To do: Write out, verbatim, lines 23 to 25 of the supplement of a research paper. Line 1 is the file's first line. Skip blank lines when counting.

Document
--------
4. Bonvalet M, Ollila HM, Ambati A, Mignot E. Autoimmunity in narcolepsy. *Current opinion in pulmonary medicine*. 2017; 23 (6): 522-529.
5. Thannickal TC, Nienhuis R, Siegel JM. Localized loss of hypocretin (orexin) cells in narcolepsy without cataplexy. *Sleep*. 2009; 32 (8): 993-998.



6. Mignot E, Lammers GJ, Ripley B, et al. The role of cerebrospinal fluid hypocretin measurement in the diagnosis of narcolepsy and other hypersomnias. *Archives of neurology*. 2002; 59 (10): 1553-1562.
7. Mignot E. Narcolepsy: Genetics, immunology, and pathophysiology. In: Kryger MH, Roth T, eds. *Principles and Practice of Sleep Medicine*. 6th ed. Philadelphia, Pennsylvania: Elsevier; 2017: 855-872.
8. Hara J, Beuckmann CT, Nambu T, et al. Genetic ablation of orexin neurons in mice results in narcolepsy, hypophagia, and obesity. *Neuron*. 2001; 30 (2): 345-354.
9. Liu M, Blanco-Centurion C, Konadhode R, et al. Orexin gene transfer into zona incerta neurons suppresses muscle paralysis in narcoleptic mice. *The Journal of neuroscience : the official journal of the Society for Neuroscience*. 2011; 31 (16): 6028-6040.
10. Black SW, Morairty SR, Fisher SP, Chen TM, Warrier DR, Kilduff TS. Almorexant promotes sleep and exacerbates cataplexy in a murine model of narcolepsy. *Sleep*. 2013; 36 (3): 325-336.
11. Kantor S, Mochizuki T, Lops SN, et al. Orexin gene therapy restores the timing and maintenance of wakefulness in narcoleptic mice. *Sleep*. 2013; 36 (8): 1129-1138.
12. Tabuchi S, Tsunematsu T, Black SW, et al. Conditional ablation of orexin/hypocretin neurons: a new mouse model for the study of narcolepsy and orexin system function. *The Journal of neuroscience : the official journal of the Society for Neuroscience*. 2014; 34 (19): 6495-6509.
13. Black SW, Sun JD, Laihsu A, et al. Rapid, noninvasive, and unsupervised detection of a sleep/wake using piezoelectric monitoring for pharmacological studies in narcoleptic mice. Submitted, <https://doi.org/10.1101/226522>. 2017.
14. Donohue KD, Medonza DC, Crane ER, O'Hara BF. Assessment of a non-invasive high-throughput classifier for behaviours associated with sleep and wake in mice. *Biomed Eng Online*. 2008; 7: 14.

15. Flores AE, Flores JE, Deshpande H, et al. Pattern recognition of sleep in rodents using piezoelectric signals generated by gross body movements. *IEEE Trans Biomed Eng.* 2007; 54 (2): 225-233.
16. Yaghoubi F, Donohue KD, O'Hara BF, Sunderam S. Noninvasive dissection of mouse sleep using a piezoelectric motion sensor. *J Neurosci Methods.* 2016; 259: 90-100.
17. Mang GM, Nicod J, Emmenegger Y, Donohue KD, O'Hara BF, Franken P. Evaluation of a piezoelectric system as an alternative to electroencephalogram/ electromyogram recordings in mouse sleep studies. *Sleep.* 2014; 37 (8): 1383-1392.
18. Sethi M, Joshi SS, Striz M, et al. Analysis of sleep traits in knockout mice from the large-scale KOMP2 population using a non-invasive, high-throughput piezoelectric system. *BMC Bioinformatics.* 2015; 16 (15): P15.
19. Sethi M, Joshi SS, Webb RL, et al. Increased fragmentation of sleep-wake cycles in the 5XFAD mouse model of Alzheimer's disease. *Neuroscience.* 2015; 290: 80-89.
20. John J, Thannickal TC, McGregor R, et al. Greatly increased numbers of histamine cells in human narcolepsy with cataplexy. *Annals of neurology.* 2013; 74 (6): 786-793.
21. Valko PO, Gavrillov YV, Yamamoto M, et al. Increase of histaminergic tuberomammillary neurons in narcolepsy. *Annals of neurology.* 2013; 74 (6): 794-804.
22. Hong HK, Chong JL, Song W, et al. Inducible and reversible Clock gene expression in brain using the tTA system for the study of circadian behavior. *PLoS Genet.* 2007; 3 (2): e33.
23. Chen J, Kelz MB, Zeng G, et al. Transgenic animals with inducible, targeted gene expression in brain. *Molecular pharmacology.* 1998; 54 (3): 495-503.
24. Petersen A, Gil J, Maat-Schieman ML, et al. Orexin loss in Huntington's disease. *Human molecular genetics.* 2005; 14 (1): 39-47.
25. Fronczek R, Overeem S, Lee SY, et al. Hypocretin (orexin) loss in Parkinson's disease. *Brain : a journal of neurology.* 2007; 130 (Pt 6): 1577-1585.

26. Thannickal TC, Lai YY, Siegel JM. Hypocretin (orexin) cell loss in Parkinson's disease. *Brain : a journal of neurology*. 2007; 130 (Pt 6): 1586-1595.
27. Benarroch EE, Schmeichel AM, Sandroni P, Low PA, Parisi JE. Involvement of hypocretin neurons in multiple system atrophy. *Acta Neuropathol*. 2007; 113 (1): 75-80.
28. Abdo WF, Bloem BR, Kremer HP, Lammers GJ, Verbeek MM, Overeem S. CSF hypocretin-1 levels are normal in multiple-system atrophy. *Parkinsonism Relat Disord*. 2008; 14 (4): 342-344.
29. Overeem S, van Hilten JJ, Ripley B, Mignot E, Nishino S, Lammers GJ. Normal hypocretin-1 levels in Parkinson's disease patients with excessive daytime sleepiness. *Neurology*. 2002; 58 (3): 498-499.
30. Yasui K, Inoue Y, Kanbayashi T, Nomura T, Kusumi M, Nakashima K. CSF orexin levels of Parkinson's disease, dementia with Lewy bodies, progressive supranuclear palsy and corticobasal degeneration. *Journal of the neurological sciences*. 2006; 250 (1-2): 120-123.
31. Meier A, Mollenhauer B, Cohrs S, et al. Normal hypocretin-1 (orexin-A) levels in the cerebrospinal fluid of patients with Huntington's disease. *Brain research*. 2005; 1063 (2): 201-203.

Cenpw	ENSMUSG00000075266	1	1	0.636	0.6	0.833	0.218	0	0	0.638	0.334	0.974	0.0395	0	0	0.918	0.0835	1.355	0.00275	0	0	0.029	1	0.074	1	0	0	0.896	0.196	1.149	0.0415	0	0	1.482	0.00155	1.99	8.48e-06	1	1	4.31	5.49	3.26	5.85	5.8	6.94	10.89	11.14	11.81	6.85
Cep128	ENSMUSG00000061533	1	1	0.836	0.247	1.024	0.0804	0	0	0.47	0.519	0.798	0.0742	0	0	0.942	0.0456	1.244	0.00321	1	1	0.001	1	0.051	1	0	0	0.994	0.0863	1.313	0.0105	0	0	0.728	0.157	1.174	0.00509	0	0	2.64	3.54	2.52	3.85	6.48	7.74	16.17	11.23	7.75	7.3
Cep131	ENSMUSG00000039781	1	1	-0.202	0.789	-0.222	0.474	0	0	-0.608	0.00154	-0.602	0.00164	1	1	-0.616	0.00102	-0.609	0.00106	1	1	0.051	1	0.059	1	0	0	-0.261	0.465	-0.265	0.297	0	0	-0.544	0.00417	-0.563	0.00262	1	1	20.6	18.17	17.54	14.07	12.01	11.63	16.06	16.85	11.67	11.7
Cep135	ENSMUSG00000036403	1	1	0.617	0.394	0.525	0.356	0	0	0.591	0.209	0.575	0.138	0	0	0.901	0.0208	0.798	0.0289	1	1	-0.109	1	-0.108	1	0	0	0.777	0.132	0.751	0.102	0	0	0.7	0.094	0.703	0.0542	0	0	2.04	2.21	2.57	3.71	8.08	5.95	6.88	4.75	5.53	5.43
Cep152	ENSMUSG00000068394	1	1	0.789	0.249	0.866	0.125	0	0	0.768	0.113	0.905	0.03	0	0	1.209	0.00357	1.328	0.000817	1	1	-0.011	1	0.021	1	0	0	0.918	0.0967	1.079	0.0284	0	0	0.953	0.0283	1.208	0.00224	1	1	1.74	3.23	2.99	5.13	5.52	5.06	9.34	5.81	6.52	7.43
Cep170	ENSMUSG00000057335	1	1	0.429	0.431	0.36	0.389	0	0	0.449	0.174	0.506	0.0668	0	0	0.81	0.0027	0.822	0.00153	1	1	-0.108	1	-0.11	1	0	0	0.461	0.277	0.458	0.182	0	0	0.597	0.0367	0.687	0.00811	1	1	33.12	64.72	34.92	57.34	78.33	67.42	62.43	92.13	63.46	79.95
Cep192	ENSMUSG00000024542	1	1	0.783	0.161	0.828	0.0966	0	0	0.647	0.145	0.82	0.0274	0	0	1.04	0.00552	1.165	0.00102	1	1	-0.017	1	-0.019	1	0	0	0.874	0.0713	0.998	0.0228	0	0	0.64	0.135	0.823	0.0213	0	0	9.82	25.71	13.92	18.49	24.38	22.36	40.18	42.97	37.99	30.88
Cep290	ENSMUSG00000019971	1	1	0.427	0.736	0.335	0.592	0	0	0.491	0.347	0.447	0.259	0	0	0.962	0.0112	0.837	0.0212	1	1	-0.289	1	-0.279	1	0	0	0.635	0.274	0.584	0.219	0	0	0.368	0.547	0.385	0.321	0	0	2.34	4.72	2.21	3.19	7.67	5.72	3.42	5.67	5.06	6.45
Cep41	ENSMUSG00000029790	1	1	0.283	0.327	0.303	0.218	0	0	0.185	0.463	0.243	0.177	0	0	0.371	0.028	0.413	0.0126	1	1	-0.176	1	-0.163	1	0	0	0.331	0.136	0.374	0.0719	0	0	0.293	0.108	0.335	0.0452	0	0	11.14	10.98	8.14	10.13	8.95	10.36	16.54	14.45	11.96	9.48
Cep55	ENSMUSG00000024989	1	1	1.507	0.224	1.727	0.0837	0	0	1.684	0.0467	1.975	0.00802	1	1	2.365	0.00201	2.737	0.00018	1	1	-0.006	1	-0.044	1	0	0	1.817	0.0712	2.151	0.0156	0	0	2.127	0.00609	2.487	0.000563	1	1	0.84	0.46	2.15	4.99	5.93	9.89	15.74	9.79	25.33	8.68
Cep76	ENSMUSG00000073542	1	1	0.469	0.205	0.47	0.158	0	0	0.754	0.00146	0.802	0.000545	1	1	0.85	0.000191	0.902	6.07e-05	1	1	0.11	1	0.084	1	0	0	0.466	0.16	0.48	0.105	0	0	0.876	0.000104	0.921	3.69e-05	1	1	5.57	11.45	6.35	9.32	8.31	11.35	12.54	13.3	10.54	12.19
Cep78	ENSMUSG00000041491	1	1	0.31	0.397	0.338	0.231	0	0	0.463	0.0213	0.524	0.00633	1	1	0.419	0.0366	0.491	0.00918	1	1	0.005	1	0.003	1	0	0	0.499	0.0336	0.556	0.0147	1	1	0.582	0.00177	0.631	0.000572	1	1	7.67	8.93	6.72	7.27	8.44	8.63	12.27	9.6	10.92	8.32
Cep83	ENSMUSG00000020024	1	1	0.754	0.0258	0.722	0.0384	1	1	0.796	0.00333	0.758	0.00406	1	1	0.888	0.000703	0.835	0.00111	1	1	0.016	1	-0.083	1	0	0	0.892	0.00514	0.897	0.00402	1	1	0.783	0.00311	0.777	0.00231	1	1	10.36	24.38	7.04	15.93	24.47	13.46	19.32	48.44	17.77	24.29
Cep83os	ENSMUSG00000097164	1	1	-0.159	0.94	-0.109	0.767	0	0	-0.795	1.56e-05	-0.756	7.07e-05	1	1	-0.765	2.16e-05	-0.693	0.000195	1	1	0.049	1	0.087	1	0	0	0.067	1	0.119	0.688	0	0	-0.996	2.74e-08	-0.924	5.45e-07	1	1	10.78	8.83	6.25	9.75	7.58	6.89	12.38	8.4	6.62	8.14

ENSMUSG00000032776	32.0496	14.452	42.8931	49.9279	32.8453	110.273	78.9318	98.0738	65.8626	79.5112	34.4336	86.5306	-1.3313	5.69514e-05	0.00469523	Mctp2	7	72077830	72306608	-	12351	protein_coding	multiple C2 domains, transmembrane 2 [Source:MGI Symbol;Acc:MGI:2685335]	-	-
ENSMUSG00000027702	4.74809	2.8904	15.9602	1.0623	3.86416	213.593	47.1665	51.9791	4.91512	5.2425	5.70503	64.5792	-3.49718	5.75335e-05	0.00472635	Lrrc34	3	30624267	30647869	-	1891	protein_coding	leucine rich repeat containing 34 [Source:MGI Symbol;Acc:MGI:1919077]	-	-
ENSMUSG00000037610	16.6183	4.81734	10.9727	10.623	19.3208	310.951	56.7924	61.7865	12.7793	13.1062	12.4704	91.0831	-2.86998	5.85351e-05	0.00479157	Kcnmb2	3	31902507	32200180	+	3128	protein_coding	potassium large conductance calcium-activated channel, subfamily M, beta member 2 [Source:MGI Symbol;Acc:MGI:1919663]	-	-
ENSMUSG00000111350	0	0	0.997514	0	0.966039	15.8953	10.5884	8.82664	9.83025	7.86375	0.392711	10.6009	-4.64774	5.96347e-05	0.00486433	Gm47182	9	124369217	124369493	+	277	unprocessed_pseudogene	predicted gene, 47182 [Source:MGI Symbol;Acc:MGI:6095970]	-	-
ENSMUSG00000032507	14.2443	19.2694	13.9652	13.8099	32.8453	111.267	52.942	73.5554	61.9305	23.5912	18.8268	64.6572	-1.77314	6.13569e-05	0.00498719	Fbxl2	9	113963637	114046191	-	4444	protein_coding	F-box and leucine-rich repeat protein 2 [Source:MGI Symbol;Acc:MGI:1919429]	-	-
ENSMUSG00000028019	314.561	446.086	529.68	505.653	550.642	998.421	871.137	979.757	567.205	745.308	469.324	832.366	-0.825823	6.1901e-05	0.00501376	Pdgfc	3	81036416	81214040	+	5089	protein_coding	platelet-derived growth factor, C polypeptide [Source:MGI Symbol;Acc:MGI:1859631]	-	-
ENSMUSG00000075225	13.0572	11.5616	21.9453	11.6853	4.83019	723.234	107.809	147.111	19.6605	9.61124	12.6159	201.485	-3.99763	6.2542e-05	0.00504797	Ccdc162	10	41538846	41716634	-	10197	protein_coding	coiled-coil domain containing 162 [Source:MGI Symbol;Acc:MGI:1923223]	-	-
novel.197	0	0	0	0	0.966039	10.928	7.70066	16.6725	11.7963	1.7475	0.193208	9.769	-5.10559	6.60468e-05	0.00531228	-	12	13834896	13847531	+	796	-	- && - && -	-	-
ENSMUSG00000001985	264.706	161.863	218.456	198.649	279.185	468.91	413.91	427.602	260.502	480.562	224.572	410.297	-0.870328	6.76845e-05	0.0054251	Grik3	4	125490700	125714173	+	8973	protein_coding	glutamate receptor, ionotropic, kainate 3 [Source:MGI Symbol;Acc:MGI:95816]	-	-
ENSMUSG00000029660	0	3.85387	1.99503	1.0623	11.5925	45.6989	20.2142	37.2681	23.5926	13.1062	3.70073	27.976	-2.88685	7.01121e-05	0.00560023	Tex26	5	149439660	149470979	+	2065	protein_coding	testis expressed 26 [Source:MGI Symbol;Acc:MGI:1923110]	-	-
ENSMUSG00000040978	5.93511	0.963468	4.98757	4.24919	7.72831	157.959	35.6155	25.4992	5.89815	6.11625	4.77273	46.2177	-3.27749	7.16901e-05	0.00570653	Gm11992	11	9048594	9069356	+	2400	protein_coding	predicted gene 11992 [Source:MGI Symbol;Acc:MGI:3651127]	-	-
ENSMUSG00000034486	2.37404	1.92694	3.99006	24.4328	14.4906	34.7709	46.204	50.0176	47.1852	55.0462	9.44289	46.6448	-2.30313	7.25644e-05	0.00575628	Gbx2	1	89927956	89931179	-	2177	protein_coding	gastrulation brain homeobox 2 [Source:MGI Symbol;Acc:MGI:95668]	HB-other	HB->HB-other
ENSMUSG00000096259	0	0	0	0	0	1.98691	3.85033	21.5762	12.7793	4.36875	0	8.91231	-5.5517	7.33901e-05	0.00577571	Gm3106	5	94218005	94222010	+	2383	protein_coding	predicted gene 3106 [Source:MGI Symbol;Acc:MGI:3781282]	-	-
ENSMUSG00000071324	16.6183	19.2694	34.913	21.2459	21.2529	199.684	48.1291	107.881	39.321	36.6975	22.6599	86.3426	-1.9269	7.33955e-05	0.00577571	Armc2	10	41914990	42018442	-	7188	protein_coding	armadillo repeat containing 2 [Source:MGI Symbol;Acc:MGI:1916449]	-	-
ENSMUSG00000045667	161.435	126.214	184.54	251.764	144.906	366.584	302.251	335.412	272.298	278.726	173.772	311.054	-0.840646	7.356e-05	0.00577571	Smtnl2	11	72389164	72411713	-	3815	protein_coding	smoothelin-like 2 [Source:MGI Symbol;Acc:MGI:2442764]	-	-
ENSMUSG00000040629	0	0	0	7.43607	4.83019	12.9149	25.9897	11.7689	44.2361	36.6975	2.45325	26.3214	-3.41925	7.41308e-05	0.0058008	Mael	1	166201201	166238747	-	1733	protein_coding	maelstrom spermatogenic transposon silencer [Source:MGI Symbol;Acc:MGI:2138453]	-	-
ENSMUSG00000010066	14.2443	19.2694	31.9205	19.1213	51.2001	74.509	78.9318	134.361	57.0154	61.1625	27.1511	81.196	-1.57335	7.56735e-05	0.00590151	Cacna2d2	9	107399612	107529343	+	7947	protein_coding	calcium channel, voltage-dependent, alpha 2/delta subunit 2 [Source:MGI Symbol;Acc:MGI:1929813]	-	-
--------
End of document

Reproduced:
26. Thannickal TC, Lai YY, Siegel JM. Hypocretin (orexin) cell loss in Parkinson's disease. *Brain : a journal of neurology*. 2007; 130 (Pt 6): 1586-1595.
27. Benarroch EE, Schmeichel AM, Sandroni P, Low PA, Parisi JE. Involvement of hypocretin neurons in multiple system atrophy. *Acta Neuropathol*. 2007; 113 (1): 75-80.
28. Abdo WF, Bloem BR, Kremer HP, Lammers GJ, Verbeek MM, Overeem S. CSF hypocretin-1 levels are normal in multiple-system atrophy. *Parkinsonism Relat Disord*. 2008; 14 (4): 342-344.